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Campbell (left) was one of four Coe College undergraduates
that presented posters during the 2004 Sigma Pi Sigma
founded the Coe College chapter of Sigma Pi Sigma in the
spring of 2004, we at Coe were very excited to send students
and faculty to what is arguably the society’s most
sparkling event. We had seven students and three faculty
in all representing our chapter, which included Dr. Steve
Feller, the current president of Sigma Pi Sigma and Sara
Campbell, the Associate Councilor for Zone 11. Our students
presented four posters during the poster sessions, the subject
of three of them being past student research and one on
our annual outreach program of hosting physics demonstrations
for elementary schoolchildren at our college.
Congress also included several plenary sessions spread throughout
the two-day event. The topics ranged from Nobel Prize winning
research to Einstein’s greatest discoveries to ethics
facing today’s scientists. The speakers with their
respective lecture titles included: Jocelyn Bell Burnell
“Pulsars and Extreme Physics,” John Rigden “Einstein,
1905, 1999: Legacy and Hope,” John Marburger “Science
Ethics: A Governmental Perspective,” Dwight Neuenschwander
“Taking the Ethics of Einstein into the 21st Century,”
Carl Wieman “Bose-Einstein Condensation,” and
Worth Seagondollar “The First Man-Made Nuclear Explosion.”
With each speaker being so well known in his/her respective
field, it was amazing to listen to each person’s experiences
and first hand knowledge.
Bell Burnell’s presentation titled “Pulsars
and Extreme Physics” stunned the crowd of undergraduates,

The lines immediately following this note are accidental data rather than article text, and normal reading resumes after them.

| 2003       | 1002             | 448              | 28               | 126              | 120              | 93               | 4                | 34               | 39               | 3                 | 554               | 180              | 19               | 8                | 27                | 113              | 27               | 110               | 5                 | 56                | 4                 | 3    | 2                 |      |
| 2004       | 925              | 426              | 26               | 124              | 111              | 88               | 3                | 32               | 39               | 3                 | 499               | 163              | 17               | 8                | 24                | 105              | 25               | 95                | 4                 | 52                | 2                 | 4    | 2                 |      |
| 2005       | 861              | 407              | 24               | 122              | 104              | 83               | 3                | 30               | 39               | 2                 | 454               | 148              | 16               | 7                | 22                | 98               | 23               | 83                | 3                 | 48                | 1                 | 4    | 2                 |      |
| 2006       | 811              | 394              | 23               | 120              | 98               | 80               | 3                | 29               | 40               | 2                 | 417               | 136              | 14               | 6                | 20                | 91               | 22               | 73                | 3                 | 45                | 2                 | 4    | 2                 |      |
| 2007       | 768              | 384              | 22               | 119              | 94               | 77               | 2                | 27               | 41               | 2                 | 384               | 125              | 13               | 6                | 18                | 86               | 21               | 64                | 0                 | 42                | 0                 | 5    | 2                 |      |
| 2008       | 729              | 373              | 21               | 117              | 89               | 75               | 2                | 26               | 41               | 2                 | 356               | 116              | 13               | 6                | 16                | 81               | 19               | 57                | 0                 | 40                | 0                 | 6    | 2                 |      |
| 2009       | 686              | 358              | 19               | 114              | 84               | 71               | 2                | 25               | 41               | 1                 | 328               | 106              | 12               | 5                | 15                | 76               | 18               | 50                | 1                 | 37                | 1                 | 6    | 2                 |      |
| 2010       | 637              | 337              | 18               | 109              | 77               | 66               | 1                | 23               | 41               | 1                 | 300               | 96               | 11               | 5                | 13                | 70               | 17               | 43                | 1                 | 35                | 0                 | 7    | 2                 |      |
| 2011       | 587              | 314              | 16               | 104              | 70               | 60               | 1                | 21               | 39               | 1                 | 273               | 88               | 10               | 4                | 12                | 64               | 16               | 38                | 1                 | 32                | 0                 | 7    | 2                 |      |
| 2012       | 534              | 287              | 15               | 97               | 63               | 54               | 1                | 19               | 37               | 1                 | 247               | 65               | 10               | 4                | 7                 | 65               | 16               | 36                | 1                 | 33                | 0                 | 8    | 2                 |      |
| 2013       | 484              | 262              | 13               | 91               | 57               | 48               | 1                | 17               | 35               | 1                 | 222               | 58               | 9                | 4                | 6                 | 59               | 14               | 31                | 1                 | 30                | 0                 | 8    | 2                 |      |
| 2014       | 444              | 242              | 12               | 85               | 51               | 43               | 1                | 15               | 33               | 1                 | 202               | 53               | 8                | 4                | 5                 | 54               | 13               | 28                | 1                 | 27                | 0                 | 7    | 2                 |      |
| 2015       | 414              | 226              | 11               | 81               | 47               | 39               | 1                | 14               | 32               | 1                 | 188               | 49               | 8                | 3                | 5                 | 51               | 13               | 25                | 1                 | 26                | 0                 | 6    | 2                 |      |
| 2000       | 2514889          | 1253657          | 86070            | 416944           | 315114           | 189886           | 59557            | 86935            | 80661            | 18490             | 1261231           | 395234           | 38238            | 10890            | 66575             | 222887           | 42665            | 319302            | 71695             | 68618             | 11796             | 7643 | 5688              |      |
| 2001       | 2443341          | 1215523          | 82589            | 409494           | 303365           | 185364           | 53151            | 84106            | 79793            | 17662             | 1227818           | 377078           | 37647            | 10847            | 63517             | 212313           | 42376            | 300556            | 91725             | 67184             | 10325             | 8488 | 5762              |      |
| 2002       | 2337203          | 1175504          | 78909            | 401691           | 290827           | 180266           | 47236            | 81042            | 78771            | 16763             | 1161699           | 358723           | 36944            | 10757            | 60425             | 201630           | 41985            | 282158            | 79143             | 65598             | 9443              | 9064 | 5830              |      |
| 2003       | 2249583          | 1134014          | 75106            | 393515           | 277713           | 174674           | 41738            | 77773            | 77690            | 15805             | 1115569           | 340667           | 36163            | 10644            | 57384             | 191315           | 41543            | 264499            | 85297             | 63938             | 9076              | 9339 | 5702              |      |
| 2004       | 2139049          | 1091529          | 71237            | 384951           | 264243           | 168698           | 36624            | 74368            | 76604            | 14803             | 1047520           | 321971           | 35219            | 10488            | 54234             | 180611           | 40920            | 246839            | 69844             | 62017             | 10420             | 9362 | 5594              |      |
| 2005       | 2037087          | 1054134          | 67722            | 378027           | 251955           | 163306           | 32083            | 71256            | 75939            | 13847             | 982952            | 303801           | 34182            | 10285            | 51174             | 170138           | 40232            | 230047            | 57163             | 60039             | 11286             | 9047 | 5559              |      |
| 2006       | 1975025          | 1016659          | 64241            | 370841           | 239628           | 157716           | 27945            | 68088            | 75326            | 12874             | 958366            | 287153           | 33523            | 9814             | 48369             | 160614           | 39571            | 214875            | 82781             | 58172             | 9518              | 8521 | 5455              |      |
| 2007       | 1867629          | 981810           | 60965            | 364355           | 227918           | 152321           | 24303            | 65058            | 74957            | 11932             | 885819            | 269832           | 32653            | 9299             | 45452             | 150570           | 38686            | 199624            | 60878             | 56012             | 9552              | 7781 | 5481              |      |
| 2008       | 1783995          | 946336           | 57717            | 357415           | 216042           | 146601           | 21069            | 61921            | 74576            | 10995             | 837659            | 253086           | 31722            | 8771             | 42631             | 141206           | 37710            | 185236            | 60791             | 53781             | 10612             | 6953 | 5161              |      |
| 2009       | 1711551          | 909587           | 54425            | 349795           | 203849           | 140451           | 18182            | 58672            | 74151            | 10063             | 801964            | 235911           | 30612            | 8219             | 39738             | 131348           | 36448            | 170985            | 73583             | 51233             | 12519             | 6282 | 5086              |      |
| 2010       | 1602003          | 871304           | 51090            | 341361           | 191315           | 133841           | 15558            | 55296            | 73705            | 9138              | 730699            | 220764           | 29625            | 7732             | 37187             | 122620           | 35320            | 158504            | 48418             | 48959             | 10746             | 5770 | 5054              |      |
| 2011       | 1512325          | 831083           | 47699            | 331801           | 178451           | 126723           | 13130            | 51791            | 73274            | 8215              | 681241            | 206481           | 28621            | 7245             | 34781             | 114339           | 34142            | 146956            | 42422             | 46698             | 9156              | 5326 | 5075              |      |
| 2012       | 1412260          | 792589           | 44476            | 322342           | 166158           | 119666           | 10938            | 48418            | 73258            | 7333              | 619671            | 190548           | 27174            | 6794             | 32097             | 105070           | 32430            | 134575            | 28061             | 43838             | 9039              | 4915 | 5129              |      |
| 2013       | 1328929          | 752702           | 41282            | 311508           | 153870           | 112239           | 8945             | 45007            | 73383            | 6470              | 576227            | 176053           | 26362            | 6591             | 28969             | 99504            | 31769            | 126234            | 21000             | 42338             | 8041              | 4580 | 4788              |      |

professors, and alumni with facts about the evolution of
stars and incredible details of a neutron star.
and the World Year of Physics in 2005 were discussed in
two other presentations. Einstein’s feat of publishing
five pioneering papers within a timeframe of less than six
months and the ethical issues that he had to deal with were
Pi Sigma congress participants voted on proposals
which were a result of the four ethics workshops.
set of sessions dealt with ethics in physics and allowed
Sigma Pi Sigma members to vote on several proposed resolutions
at the conclusion of four workshops. The workshops dealt
with topics such as: career choices, research integrity,
diversity in the scientific field, and tenure for faculty
members. Each workshop began with the presentation of case
study, was turned over to the attendees to discuss in small
groups, and then finally discussed as a large group. We
arrived to consensus by gathering comments from the small
groups to form proposals, and then voted on these proposals
on in the final day of the Congress. Each proposal that
was approved was then sent to the SPS council for fine-tuning
to discuss the adoption of these proposals as new society
Marburger, the science advisor to the President of the United
States, spoke during dinner on Friday evening. His topic,
governmental ethics, interested many in the crowd, and he
was able to answer a few questions at the conclusion of
Wieman, a Nobel Laureate, discussed his award winning research
on the topic of Bose-Einstein Condensation (BEC). Although
his research is very complex, Wieman talked about it in
a manner that was easy to understand by all in attendance,
even to undergraduates who had never been previously exposed
to the topic. We were also privilaged to spend some time
talking one on one with Dr. Wieman following his presentation
(more on this below).
members enjoyed formal banquets with prominent speakers
on both Friday and Saturday night.
Congress concluded with a speech by past Sigma Pi Sigma
president Dr. Worth Seagondollar, in which he shared personal
recollections of his experience with the world’s first
atomic explosion at the Trinity Site in the New Mexico desert
nearly 60 years ago. His incredible memories of the event
held the crowd in suspense as he told stories of dropping